But, information processing and, ultimately, decision making in humans, especially reasoned, deliberative decision making, works differently. At its best, it is careful and considered, a slow, methodical, and reflexive process. Human concern with ethics and morality slows the processes of sense-making and action-taking even further. So, while computers are highly efficient at information processing, humans are comparatively less so. That difference matters because repeated exposure to the logic of efficiency formally invites humans to strive for greater efficiency. As humans attempt to mimic computer efficiency, they rely more heavily on instinct and affect. In short, as humans try to speed up their information processing and decision-making capabilities, they are less careful and rational and more impulsive and affective, which—paradoxically—undermines the quality of their decision making 6.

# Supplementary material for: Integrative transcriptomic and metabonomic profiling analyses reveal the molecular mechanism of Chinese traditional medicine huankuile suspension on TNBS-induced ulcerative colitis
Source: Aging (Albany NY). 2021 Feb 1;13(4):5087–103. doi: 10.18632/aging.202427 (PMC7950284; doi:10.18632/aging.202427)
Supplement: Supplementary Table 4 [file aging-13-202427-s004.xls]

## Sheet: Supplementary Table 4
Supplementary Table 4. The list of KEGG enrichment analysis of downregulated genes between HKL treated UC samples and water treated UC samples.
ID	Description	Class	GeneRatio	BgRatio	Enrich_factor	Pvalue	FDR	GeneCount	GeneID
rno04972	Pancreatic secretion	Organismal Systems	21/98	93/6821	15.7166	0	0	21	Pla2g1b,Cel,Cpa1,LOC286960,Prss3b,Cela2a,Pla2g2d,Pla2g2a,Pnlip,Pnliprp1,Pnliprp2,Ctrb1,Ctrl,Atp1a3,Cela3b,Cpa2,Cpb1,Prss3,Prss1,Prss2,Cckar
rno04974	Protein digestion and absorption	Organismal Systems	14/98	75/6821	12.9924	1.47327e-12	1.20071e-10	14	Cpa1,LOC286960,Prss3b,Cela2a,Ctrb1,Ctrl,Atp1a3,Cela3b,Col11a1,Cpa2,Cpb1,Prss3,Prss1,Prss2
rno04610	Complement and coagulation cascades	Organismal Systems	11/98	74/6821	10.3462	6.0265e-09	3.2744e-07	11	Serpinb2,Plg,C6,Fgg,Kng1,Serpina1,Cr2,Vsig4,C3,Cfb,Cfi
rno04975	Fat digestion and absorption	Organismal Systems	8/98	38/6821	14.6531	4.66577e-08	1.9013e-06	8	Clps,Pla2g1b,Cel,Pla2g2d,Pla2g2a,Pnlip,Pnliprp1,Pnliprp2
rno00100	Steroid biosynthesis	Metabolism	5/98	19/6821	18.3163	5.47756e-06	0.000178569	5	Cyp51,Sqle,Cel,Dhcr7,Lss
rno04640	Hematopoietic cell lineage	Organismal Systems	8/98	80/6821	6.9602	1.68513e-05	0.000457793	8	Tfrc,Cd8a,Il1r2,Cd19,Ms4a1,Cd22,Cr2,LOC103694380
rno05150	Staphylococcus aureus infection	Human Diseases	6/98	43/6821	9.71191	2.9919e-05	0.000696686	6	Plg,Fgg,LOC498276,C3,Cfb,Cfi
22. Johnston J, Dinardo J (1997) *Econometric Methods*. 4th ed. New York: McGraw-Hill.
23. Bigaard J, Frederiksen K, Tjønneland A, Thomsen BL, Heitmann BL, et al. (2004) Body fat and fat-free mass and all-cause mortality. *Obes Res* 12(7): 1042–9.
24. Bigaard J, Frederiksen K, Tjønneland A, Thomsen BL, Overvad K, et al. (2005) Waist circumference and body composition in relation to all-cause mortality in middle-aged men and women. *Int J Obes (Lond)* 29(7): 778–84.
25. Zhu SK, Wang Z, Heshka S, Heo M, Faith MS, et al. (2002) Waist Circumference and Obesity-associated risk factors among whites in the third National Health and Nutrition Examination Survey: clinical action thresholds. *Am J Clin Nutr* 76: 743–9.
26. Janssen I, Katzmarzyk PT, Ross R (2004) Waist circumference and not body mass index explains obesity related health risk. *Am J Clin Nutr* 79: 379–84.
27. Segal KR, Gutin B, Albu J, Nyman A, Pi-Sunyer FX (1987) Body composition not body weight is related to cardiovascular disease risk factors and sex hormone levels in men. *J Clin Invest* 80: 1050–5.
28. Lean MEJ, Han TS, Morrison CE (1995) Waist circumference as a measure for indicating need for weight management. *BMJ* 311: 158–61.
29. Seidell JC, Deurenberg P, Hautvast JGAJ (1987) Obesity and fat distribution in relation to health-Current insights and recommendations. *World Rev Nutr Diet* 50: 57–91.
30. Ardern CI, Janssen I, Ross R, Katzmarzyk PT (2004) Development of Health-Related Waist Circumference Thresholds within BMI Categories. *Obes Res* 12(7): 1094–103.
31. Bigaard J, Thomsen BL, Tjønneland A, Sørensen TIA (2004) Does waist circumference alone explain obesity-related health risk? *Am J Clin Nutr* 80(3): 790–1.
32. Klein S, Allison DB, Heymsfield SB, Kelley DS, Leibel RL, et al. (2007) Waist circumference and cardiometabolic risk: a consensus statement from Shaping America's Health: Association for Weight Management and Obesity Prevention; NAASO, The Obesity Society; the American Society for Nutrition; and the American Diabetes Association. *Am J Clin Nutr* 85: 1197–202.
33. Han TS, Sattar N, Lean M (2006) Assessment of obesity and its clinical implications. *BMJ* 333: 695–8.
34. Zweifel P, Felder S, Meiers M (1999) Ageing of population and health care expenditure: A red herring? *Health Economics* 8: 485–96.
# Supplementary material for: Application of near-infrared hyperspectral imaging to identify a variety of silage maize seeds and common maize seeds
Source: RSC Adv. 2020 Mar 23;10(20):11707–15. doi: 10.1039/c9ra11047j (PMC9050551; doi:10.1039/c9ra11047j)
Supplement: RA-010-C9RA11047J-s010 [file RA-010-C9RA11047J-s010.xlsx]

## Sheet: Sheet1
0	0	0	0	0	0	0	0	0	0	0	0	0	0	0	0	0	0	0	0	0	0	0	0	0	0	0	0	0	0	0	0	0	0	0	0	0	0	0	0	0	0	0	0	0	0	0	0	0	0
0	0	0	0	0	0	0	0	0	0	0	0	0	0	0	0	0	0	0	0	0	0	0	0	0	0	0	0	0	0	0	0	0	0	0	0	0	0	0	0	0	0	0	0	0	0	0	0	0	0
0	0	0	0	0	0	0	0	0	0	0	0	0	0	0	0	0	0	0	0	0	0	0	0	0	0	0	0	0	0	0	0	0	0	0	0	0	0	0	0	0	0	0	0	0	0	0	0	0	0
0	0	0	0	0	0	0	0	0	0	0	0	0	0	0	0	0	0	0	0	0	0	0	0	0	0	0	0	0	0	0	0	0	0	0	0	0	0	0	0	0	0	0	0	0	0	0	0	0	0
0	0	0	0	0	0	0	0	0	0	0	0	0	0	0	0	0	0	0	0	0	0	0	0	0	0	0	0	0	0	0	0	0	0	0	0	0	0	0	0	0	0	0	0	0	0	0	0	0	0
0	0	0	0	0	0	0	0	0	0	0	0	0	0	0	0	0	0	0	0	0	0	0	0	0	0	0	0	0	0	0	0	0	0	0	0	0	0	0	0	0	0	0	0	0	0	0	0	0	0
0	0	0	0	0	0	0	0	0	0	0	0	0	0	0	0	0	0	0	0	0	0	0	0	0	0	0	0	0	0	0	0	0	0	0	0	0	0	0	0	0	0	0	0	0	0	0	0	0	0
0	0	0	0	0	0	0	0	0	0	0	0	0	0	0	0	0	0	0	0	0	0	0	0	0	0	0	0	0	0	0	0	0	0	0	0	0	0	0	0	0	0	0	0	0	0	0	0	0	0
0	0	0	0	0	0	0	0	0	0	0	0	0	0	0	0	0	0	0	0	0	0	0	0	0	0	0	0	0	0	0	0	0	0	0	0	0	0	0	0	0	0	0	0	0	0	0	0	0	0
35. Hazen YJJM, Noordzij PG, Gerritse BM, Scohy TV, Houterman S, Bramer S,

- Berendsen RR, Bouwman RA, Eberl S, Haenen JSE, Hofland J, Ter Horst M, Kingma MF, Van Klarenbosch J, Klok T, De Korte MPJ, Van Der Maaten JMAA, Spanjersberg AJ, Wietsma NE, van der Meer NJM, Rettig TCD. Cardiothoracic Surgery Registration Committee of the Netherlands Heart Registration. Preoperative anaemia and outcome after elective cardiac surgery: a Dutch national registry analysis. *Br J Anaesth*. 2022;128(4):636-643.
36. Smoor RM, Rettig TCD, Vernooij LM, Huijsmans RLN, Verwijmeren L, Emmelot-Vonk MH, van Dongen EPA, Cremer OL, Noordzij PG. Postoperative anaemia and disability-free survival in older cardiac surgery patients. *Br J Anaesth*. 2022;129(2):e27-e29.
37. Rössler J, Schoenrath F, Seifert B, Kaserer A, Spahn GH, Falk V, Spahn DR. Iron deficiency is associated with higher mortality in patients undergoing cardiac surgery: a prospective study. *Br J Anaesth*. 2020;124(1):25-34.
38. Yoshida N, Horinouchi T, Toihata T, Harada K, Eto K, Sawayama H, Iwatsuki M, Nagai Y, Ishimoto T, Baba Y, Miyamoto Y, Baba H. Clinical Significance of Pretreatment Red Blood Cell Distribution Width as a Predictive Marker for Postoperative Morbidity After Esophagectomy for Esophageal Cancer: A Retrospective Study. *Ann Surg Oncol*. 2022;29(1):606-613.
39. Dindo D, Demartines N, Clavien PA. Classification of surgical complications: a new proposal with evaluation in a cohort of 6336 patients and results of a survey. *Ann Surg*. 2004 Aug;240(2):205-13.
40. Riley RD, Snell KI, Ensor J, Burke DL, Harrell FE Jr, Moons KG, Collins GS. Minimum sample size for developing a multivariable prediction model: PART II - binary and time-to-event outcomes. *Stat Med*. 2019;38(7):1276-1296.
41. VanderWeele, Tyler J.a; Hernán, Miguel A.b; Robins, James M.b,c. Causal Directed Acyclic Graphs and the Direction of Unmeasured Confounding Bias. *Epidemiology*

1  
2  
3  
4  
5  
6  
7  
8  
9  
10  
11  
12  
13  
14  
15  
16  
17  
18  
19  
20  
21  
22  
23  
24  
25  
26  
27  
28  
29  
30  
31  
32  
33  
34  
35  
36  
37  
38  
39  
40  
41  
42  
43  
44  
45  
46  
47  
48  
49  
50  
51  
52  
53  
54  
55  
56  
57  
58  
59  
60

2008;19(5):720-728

To understand the habits of mind urged by computer efficiency, Figure 4 presents a tetrad that describes the machine logic of digital computers. Specifically, I suggest that efficiency enhances the speed of information processing and decision making via immediate electrical signals; obsolesces reasoned deliberation, which is careful, considered, and consensus-oriented and, thus, inefficient; retrieves the mind/body dualism, which views the mind as abiotic; and reverts into embodied, affective response.
As quadrant III suggests, the machine logic of computers rehabilitates the mind/body dualism by treating the computer as an extension of a disembodied mind. But, in privileging the principle of efficiency, digital computing reverts, through human use, into impulsivity and affective response. Commenting on this state of affairs, William Davies observes, “Knowledge becomes more valued for its speed and impact than for its cold objectivity, and emotive falsehood often travels faster than fact” [46] (p. xi).